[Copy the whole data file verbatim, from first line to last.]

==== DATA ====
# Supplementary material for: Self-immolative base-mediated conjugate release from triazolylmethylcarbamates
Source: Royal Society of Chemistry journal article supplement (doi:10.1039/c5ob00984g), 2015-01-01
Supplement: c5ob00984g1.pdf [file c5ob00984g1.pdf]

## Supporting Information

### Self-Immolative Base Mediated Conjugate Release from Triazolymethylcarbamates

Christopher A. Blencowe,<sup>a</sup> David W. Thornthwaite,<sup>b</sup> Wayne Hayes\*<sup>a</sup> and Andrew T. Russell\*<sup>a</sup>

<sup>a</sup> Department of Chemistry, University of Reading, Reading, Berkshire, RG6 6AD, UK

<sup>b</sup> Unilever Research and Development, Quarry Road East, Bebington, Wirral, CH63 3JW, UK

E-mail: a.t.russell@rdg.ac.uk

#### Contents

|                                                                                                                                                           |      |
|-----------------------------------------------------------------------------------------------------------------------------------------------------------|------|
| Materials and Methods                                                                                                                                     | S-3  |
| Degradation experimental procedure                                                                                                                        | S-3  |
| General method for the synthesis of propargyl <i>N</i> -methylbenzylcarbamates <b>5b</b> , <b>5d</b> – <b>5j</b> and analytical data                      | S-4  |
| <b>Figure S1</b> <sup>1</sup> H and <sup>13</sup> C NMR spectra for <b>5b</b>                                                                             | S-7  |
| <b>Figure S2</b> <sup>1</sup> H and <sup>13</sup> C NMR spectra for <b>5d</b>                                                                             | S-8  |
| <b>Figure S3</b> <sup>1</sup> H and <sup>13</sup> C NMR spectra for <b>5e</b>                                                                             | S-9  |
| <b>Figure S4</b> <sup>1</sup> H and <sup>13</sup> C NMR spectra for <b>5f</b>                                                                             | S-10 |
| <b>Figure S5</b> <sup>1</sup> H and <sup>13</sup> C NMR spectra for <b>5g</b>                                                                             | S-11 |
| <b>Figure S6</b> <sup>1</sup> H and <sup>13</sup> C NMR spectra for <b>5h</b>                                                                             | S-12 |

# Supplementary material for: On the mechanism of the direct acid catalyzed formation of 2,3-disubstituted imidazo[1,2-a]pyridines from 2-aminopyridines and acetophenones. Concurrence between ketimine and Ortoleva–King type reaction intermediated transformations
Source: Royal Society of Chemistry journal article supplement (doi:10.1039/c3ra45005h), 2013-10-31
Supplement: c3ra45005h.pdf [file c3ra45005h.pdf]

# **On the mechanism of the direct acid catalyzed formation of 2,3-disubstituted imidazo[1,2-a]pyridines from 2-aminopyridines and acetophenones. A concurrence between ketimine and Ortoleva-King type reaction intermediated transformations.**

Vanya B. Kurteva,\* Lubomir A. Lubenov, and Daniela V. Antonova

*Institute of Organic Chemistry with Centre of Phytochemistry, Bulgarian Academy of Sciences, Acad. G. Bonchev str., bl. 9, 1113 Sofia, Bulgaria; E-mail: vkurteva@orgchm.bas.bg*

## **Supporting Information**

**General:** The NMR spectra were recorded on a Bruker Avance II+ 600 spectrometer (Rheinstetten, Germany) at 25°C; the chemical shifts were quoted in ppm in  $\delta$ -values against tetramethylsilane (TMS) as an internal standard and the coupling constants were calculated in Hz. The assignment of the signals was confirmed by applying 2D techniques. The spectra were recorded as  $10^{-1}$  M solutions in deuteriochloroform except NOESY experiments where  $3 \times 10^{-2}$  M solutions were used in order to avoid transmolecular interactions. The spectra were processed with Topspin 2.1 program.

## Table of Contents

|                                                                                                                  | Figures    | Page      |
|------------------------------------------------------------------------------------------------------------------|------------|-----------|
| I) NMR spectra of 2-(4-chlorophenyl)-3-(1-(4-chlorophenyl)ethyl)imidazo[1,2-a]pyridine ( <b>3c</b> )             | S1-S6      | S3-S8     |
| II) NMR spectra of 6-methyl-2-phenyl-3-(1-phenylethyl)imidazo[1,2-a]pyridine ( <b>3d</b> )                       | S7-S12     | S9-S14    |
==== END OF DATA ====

# Supplementary material for: Self-immolative base-mediated conjugate release from triazolylmethylcarbamates
Source: Royal Society of Chemistry journal article supplement (doi:10.1039/c5ob00984g), 2015-01-01
Supplement: c5ob00984g1.pdf [file c5ob00984g1.pdf]

## Supporting Information

### Self-Immolative Base Mediated Conjugate Release from Triazolymethylcarbamates

Christopher A. Blencowe,<sup>a</sup> David W. Thornthwaite,<sup>b</sup> Wayne Hayes\*<sup>a</sup> and Andrew T. Russell\*<sup>a</sup>

<sup>a</sup> Department of Chemistry, University of Reading, Reading, Berkshire, RG6 6AD, UK

<sup>b</sup> Unilever Research and Development, Quarry Road East, Bebington, Wirral, CH63 3JW, UK

E-mail: a.t.russell@rdg.ac.uk

#### Contents

|                                                                                                                                                           |      |
|-----------------------------------------------------------------------------------------------------------------------------------------------------------|------|
| Materials and Methods                                                                                                                                     | S-3  |
| Degradation experimental procedure                                                                                                                        | S-3  |
| General method for the synthesis of propargyl <i>N</i> -methylbenzylcarbamates <b>5b</b> , <b>5d</b> – <b>5j</b> and analytical data                      | S-4  |
| <b>Figure S1</b> <sup>1</sup> H and <sup>13</sup> C NMR spectra for <b>5b</b>                                                                             | S-7  |
| <b>Figure S2</b> <sup>1</sup> H and <sup>13</sup> C NMR spectra for <b>5d</b>                                                                             | S-8  |
| <b>Figure S3</b> <sup>1</sup> H and <sup>13</sup> C NMR spectra for <b>5e</b>                                                                             | S-9  |
| <b>Figure S4</b> <sup>1</sup> H and <sup>13</sup> C NMR spectra for <b>5f</b>                                                                             | S-10 |
| <b>Figure S5</b> <sup>1</sup> H and <sup>13</sup> C NMR spectra for <b>5g</b>                                                                             | S-11 |
| <b>Figure S6</b> <sup>1</sup> H and <sup>13</sup> C NMR spectra for <b>5h</b>                                                                             | S-12 |

# Supplementary material for: On the mechanism of the direct acid catalyzed formation of 2,3-disubstituted imidazo[1,2-a]pyridines from 2-aminopyridines and acetophenones. Concurrence between ketimine and Ortoleva–King type reaction intermediated transformations
Source: Royal Society of Chemistry journal article supplement (doi:10.1039/c3ra45005h), 2013-10-31
Supplement: c3ra45005h.pdf [file c3ra45005h.pdf]

# **On the mechanism of the direct acid catalyzed formation of 2,3-disubstituted imidazo[1,2-a]pyridines from 2-aminopyridines and acetophenones. A concurrence between ketimine and Ortoleva-King type reaction intermediated transformations.**

Vanya B. Kurteva,\* Lubomir A. Lubenov, and Daniela V. Antonova

*Institute of Organic Chemistry with Centre of Phytochemistry, Bulgarian Academy of Sciences, Acad. G. Bonchev str., bl. 9, 1113 Sofia, Bulgaria; E-mail: vkurteva@orgchm.bas.bg*

## **Supporting Information**

**General:** The NMR spectra were recorded on a Bruker Avance II+ 600 spectrometer (Rheinstetten, Germany) at 25°C; the chemical shifts were quoted in ppm in  $\delta$ -values against tetramethylsilane (TMS) as an internal standard and the coupling constants were calculated in Hz. The assignment of the signals was confirmed by applying 2D techniques. The spectra were recorded as  $10^{-1}$  M solutions in deuteriochloroform except NOESY experiments where  $3 \times 10^{-2}$  M solutions were used in order to avoid transmolecular interactions. The spectra were processed with Topspin 2.1 program.

## Table of Contents

|                                                                                                                  | Figures    | Page      |
|------------------------------------------------------------------------------------------------------------------|------------|-----------|
| I) NMR spectra of 2-(4-chlorophenyl)-3-(1-(4-chlorophenyl)ethyl)imidazo[1,2-a]pyridine ( <b>3c</b> )             | S1-S6      | S3-S8     |
| II) NMR spectra of 6-methyl-2-phenyl-3-(1-phenylethyl)imidazo[1,2-a]pyridine ( <b>3d</b> )                       | S7-S12     | S9-S14    |